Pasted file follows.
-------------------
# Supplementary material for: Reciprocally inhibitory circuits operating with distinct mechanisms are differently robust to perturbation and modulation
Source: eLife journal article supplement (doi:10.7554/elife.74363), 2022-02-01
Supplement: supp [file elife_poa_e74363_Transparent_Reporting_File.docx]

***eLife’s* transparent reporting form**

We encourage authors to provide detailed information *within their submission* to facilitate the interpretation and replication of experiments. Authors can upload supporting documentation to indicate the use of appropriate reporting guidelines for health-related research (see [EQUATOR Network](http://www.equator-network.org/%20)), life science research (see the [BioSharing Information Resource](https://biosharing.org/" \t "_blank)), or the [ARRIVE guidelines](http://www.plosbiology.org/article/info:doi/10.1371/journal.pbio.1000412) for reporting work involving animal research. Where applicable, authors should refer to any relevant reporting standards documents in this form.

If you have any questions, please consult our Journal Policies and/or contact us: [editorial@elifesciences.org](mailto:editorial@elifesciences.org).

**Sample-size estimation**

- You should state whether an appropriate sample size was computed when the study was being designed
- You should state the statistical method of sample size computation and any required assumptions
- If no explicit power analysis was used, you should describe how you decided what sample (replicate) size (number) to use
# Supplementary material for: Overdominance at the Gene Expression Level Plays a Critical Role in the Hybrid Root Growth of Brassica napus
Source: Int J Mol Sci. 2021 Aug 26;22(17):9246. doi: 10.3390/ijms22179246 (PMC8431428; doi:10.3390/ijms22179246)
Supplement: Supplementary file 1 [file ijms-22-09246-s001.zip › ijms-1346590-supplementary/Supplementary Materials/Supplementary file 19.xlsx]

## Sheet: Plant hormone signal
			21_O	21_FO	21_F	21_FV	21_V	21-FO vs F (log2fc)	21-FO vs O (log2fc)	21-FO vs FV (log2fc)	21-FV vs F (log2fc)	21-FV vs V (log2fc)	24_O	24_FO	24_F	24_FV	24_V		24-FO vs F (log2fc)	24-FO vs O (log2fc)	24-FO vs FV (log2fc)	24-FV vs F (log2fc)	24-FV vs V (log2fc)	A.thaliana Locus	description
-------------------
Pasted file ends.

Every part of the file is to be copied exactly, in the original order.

# Supplementary material for: Reciprocally inhibitory circuits operating with distinct mechanisms are differently robust to perturbation and modulation
Source: eLife journal article supplement (doi:10.7554/elife.74363), 2022-02-01
Supplement: supp [file elife_poa_e74363_Transparent_Reporting_File.docx]

***eLife’s* transparent reporting form**

We encourage authors to provide detailed information *within their submission* to facilitate the interpretation and replication of experiments. Authors can upload supporting documentation to indicate the use of appropriate reporting guidelines for health-related research (see [EQUATOR Network](http://www.equator-network.org/%20)), life science research (see the [BioSharing Information Resource](https://biosharing.org/" \t "_blank)), or the [ARRIVE guidelines](http://www.plosbiology.org/article/info:doi/10.1371/journal.pbio.1000412) for reporting work involving animal research. Where applicable, authors should refer to any relevant reporting standards documents in this form.

If you have any questions, please consult our Journal Policies and/or contact us: [editorial@elifesciences.org](mailto:editorial@elifesciences.org).

**Sample-size estimation**

- You should state whether an appropriate sample size was computed when the study was being designed
- You should state the statistical method of sample size computation and any required assumptions
- If no explicit power analysis was used, you should describe how you decided what sample (replicate) size (number) to use
# Supplementary material for: Overdominance at the Gene Expression Level Plays a Critical Role in the Hybrid Root Growth of Brassica napus
Source: Int J Mol Sci. 2021 Aug 26;22(17):9246. doi: 10.3390/ijms22179246 (PMC8431428; doi:10.3390/ijms22179246)
Supplement: Supplementary file 1 [file ijms-22-09246-s001.zip › ijms-1346590-supplementary/Supplementary Materials/Supplementary file 19.xlsx]

## Sheet: Plant hormone signal
			21_O	21_FO	21_F	21_FV	21_V	21-FO vs F (log2fc)	21-FO vs O (log2fc)	21-FO vs FV (log2fc)	21-FV vs F (log2fc)	21-FV vs V (log2fc)	24_O	24_FO	24_F	24_FV	24_V		24-FO vs F (log2fc)	24-FO vs O (log2fc)	24-FO vs FV (log2fc)	24-FV vs F (log2fc)	24-FV vs V (log2fc)	A.thaliana Locus	description